Tuesday, July 16, 2024
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Understanding depression

According to a report from The Office of National Statistics, the proportion of people in the UK reporting moderate to severe depressive symptoms increased to 19.2% in June 2020 from 9.7% in March 2020, with the number of adults experiencing some form of depression in Great Britain doubling during the current COVID-19 Pandemic. Almost 85% of adults who reported some form of depression cited that their wellbeing was being impacted through anxiety and depression caused by the pandemic.

These statistics, while shocking, are in-line with many of the predictions surrounding the mental health impact of Coronavirus, with the World Health Organisation, believing that a mental health crisis is looming. We know that many of the main triggers for mental ill-health are being exacerbated by the pandemic – increased isolation, financial uncertainty, unemployment, health concerns, disruption to routines and sleep deprivation. The impact is far reaching and we are beginning to see the ripple effect throughout the country. As we touched upon in last month’s column, human interaction, a sense of belonging and purpose and feeling secure is of upmost importance when it comes to maintaining positive mental health.

For those who have already experienced depression, the current climate may have negatively impacted the necessary support and self-care already in place and in some cases caused relapses. For others, these feelings may be new and different and reaching out for that first support can be challenging and overwhelming.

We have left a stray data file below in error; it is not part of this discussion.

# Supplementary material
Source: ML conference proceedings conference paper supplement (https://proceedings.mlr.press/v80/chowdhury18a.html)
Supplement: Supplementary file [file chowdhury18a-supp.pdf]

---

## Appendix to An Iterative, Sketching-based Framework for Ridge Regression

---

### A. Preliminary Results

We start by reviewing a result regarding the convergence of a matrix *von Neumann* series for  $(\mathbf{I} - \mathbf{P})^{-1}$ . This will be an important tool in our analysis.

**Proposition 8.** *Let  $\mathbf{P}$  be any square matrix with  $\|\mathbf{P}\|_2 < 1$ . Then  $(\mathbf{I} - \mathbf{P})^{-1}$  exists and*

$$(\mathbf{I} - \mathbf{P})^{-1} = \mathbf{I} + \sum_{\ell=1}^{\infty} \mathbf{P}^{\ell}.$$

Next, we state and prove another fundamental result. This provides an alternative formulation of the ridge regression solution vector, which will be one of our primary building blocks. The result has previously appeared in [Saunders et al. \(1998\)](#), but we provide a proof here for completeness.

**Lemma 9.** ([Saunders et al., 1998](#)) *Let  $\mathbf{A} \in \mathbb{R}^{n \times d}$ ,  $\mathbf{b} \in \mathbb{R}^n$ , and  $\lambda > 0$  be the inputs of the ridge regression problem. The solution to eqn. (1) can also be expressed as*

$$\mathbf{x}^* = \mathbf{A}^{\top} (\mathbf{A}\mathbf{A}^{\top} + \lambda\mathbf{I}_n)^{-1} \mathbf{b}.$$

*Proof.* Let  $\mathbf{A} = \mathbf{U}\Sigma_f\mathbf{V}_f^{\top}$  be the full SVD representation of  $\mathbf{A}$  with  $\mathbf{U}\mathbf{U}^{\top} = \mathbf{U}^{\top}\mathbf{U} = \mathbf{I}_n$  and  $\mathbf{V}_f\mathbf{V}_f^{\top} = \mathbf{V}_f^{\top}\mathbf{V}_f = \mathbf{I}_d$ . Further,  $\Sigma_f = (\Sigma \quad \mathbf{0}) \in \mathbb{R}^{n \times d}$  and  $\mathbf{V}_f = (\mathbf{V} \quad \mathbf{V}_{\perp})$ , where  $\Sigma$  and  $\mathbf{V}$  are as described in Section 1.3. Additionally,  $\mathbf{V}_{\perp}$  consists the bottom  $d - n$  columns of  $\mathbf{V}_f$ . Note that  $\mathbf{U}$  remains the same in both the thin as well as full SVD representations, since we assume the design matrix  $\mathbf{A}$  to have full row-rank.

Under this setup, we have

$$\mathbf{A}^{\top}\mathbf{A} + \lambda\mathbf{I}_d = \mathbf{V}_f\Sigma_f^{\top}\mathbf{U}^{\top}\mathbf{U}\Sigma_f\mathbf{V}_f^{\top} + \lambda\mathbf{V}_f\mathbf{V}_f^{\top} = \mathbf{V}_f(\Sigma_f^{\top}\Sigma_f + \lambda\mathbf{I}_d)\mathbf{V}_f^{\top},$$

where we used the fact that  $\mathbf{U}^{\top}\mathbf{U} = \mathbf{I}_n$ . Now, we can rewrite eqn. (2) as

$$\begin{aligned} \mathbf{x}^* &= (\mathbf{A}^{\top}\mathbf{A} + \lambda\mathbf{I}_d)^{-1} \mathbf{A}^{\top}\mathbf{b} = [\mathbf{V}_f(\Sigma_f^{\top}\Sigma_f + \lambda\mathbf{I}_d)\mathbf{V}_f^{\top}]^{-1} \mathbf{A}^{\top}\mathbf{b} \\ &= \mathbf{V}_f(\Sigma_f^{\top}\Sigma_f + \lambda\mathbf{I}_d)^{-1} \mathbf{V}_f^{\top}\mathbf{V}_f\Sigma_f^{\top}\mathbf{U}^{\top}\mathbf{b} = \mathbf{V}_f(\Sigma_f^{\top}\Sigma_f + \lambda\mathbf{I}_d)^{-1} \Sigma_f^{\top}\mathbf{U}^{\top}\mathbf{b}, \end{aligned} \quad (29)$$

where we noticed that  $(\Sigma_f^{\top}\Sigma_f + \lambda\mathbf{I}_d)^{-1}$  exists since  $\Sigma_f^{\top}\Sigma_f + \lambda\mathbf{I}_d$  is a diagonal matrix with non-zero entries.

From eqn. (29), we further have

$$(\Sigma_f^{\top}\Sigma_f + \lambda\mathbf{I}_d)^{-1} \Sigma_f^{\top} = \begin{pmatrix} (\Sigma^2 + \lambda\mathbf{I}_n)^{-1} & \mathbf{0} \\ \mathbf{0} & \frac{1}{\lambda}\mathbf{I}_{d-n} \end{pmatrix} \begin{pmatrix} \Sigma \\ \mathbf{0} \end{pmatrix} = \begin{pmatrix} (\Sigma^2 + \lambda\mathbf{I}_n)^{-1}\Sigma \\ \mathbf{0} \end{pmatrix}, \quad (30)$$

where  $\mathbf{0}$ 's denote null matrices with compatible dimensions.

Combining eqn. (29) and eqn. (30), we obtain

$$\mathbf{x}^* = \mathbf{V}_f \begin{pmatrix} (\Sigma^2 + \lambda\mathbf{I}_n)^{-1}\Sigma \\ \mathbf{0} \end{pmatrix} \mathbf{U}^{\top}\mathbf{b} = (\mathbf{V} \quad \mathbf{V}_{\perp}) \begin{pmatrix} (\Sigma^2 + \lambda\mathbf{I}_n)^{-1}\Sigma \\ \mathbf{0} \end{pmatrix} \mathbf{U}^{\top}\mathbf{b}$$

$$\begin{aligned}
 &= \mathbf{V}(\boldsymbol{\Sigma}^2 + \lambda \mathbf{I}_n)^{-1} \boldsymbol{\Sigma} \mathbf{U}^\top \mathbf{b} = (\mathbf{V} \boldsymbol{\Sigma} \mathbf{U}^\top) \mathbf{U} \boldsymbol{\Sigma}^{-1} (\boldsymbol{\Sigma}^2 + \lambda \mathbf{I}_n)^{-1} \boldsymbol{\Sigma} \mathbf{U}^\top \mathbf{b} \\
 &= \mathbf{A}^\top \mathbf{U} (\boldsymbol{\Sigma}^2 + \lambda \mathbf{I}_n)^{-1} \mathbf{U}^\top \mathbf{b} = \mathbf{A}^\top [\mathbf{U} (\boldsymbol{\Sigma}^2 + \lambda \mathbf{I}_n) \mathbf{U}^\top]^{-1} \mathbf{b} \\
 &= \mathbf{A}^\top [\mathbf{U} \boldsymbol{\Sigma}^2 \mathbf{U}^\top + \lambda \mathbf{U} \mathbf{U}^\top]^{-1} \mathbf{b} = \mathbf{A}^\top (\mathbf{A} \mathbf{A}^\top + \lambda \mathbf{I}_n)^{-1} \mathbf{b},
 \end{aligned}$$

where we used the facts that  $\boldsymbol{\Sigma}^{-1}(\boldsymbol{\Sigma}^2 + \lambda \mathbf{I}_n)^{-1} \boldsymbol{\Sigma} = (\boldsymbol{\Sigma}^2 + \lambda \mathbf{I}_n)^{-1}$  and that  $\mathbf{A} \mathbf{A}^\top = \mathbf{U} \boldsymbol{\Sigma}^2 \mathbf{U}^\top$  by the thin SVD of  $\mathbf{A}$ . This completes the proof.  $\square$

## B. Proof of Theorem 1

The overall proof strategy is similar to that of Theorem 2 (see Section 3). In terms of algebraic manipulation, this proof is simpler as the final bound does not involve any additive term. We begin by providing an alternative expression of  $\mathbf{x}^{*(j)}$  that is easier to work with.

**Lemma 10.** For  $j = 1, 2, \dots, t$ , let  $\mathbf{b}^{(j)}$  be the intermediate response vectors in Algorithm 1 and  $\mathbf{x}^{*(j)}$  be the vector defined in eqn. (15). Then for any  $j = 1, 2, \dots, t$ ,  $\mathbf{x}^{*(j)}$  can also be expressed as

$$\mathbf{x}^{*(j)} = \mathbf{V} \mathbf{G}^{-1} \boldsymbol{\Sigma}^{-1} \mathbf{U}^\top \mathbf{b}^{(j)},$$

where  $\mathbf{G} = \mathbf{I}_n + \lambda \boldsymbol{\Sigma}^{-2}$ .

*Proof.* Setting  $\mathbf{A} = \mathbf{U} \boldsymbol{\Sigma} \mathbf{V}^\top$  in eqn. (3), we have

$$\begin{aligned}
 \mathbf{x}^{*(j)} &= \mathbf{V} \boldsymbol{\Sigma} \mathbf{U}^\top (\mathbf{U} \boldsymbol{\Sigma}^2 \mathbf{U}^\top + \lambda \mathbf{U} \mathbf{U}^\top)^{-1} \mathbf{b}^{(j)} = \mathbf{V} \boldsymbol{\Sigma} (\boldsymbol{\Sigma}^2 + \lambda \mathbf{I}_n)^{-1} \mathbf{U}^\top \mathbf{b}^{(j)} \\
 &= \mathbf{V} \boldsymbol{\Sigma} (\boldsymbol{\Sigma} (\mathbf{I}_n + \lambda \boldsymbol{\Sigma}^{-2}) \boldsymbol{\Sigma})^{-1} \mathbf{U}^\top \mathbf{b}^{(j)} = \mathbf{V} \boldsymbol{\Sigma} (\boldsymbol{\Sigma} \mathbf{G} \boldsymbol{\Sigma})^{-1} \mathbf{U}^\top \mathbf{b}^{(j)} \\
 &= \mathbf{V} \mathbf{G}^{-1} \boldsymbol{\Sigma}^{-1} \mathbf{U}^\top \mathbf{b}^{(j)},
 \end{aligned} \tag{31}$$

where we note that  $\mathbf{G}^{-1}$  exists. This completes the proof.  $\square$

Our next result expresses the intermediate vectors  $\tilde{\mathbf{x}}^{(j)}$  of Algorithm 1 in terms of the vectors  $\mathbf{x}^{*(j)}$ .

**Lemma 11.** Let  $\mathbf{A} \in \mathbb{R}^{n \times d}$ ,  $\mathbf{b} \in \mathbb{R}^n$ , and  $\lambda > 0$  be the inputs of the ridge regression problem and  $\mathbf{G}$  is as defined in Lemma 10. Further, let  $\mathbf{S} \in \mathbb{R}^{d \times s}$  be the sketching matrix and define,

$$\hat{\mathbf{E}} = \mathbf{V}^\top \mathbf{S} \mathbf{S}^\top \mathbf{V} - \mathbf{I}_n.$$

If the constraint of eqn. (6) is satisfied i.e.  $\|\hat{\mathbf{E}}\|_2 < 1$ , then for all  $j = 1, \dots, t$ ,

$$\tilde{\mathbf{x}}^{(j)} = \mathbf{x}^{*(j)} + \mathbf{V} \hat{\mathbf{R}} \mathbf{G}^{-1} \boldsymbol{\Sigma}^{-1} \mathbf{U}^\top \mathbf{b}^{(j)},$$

We understand that it is completely normal for some of us to be experiencing periods of low mood, with the simplest of tasks feeling insurmountable. When we start to experience continued low mood, this filters through to our emotions, thought processes and behaviour, as well as our physical wellbeing. As with any mental health condition, it is the severity, frequency and impact on our daily life and relationships that we need to consider and be aware of. According to the Diagnostic and Management Guidelines, to be diagnosed with depression, a person will have at least two of the following symptoms for a period of at least two weeks: Unusual sad mood that won’t go away, loss of enjoyment and interest in things that you would normally find enjoyable and a lack of energy and tiredness.

Early intervention is vital and noticing changes in behaviour in ourselves and others, however subtle, can make all the difference in preventing the symptoms from becoming more serious and promoting recovery. Our ability to talk openly and without fear of judgement is key to enabling this intervention to take place. Reaching out to our support networks, staying connected and looking after our physical health are all more crucial now than ever.

The statistics alone would dictate that there are Sevenoaks Sport & Wellbeing readers who are experiencing some form of depression right now and we urge you to seek support and help. It is never too early to reach out to a trusted friend, family member or health professional. If you feel further education and understanding around depression would be beneficial, then please consider attending our upcoming Understanding

Depression workshop. Please visit our website at westkentmind.org.uk for a full list of support resources and signposting or contact us by phone or email if you have any concerns.

Stay well.



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